public Exercise()
        {
    	// Initialize the control
    	Editor = new TextBox();
    	// and add it to the collection of controls of the form
    	this.Controls.Add(Editor);
    
    	InitializeComponent();
        }
    
        private void InitializeComponent()
        {
        }
    
        static int Main()
        {
    	// Instantiate an Exercise object
    	Exercise frmMain = new Exercise();
    	// Call the Run() static method of the Application
    	// and pass it the instance of the class to display
    	Application.Run(frmMain);
    
    	return 0;
        }
      }
    }
  3. To save the application, on the main menu, click File -> Save
  4. Locate the CSharpWindows folder you created in the previous lesson and display it in the Save In combo box
  5. Click the Create New Folder button again
  6. Type Fundamentals2 and press Enter twice to display it in the Save In combo box
  7. Set the File Name to Exercise.cs and change the Files of Types to All Files
  8. Click Save
  9. Open the Command Prompt and switch to the Fundamentals2 folder that contains the above Exercise.cs file
  10. To compile the application, type
     
    csc /r:System.Windows.Forms.dll /target:winexe Exercise.cs
  11. Press Enter
  12. In Windows Explorer or My Computer, locate the folder that contains the current exercise
  13. To execute the application, double-click Exercise
     
    A form with a control
  14. Close it by clicking its system Close button Close
 

Control Addition by Class Derivation

If you are using a .NET Framework control, you must know the name of the class on which the control is based (and each control is based on a particular class). If you have examined the types of classes available but none of them implements the behavior you need, you can first locate one that is close to the behavior you need, then use it as a base to derive a new class. To derive a class from an existing control, you can use your knowledge of inheritance to derive a new class. Here is an example:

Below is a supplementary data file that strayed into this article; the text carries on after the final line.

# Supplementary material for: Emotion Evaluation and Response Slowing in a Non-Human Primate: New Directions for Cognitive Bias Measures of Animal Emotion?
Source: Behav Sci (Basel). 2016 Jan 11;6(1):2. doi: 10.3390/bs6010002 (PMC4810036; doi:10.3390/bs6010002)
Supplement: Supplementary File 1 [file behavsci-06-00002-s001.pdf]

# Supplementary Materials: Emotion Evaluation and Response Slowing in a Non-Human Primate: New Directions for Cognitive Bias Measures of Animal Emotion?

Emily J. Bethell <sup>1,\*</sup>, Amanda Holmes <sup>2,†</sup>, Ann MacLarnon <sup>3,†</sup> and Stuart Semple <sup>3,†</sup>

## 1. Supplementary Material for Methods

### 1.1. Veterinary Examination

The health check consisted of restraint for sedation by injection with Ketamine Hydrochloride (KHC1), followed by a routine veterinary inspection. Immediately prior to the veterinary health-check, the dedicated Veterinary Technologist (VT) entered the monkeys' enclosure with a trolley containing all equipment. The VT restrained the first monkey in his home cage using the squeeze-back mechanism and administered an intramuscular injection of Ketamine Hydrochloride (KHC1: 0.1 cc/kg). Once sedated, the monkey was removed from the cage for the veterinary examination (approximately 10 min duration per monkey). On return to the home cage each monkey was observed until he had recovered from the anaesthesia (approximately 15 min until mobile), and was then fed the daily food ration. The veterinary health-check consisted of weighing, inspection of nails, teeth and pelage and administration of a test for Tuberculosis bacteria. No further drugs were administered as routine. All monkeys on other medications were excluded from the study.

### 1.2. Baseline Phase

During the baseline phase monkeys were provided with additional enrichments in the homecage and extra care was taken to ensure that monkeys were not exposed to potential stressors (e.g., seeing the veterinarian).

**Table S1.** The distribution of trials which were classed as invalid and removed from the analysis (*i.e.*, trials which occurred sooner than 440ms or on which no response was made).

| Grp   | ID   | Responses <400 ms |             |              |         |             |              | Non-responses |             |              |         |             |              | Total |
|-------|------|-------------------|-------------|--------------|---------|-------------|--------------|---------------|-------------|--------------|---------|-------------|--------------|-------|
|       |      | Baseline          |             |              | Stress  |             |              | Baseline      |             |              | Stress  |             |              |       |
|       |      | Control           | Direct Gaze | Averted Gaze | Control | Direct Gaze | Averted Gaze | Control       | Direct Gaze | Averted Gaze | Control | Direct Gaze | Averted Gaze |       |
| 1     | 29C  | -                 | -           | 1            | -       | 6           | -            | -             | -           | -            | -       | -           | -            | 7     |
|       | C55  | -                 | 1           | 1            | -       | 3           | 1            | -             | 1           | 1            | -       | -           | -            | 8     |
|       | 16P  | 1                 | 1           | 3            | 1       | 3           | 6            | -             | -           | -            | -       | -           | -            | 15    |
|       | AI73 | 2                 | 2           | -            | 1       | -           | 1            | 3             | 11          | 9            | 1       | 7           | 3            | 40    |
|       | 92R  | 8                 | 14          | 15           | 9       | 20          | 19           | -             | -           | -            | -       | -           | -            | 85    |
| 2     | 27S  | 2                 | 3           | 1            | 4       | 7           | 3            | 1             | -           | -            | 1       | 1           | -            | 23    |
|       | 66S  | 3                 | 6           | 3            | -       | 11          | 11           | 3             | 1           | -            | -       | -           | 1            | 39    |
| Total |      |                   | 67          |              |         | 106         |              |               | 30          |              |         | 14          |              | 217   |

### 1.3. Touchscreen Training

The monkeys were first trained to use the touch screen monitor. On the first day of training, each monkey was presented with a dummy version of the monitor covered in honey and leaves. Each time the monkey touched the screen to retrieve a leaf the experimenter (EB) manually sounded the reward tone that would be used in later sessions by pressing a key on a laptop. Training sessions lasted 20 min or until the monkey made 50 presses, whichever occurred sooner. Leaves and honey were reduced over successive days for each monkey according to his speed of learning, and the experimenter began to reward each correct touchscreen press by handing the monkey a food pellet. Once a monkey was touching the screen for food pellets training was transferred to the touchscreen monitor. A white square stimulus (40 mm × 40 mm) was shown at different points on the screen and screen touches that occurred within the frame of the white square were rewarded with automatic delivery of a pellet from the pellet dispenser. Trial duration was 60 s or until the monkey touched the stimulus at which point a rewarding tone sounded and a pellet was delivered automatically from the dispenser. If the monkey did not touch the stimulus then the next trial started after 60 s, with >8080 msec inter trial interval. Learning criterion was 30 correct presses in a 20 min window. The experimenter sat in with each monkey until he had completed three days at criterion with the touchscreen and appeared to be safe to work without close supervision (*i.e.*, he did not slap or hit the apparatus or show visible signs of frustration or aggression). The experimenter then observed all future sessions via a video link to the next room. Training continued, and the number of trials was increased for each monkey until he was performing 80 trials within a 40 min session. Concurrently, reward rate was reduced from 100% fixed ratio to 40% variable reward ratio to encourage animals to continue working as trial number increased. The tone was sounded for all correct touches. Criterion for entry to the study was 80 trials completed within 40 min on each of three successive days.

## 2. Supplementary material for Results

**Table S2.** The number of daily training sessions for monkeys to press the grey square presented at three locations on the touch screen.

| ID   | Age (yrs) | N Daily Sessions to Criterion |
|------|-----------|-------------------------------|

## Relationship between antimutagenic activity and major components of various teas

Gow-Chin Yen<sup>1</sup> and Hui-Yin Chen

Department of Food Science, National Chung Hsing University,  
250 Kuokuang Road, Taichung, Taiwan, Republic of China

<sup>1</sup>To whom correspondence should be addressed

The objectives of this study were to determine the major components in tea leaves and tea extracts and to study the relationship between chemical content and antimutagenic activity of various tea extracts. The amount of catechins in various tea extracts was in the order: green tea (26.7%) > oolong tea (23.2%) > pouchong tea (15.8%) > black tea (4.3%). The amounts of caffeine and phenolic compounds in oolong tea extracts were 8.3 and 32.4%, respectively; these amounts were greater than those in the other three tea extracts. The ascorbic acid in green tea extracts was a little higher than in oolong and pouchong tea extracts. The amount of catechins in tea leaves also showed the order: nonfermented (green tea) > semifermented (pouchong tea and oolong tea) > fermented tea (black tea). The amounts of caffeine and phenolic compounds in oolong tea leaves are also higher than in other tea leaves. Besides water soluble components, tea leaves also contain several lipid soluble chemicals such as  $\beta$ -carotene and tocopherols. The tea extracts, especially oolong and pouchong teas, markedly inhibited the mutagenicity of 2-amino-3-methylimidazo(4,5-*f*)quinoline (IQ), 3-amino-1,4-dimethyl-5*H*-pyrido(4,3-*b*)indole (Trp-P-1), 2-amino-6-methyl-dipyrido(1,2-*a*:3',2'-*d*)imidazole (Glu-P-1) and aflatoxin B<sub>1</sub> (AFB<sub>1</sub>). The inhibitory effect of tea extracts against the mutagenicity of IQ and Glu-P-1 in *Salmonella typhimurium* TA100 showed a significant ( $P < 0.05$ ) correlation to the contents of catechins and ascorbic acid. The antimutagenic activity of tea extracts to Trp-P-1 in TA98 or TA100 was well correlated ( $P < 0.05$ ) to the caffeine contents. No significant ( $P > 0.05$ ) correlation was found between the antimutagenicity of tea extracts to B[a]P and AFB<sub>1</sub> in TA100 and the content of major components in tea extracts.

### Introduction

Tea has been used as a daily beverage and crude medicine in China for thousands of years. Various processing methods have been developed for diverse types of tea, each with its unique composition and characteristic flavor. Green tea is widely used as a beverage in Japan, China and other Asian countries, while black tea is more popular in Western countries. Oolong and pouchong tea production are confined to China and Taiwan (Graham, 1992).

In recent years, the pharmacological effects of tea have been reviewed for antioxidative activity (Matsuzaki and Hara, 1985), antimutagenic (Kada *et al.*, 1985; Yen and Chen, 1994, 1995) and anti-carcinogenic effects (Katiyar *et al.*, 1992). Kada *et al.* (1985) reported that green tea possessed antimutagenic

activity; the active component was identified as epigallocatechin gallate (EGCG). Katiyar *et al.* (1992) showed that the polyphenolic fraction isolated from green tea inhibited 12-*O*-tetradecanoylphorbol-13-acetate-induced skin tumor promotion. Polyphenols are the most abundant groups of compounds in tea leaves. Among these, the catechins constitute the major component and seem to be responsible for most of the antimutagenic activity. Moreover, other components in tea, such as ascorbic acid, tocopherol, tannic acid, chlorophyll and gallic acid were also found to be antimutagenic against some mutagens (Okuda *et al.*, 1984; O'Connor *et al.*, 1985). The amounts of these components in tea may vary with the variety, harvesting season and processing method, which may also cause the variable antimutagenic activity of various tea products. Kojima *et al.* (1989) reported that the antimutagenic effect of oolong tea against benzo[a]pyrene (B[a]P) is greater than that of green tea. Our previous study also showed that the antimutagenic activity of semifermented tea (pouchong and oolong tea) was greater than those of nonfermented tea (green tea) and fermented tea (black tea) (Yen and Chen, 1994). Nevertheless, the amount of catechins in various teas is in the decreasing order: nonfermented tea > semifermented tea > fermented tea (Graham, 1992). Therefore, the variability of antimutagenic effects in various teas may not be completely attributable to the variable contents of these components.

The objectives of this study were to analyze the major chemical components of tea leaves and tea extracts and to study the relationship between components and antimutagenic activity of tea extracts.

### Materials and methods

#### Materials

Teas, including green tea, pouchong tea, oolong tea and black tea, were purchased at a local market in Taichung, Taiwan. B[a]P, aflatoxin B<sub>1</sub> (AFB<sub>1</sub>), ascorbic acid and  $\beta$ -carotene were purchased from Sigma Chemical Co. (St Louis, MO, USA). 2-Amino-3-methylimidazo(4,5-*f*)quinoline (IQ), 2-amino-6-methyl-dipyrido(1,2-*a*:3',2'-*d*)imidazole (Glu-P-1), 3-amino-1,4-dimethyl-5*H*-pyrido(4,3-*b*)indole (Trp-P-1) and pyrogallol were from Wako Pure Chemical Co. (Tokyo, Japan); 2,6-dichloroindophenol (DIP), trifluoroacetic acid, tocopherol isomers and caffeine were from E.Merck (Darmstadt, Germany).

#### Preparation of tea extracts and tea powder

public class Numeric : System.Windows.Forms.TextBox
{
}

If you want to perform some early initialization to customize your new control, you can declare a constructor. Here is an example:

public class Numeric : System.Windows.Forms.TextBox
{
	public Numeric() : base()
	{
	}
}

Besides the constructor, in your class, you can add the properties, methods, and/or events as you see fit. You can also use it to globally set a value for a property of the base class. Once the control is ready, you can dynamically use it like any other control. Here is an example:

Source File: Numeric.cs
public class Numeric : System.Windows.Forms.TextBox
{
	public Numeric() : base()
	{
	}
}
Source File: Form1.cs
using System;
using System.Windows.Forms;

namespace WindowsApplication
{
	public class Form1 : System.Windows.Forms.Form
	{
		private Numeric txtBox;

		public Form1()
		{
			InitializeComponent();

			txtBox = new Numeric();
			this.Controls.Add(txtBox);
		}

		. . . No Change
	}
}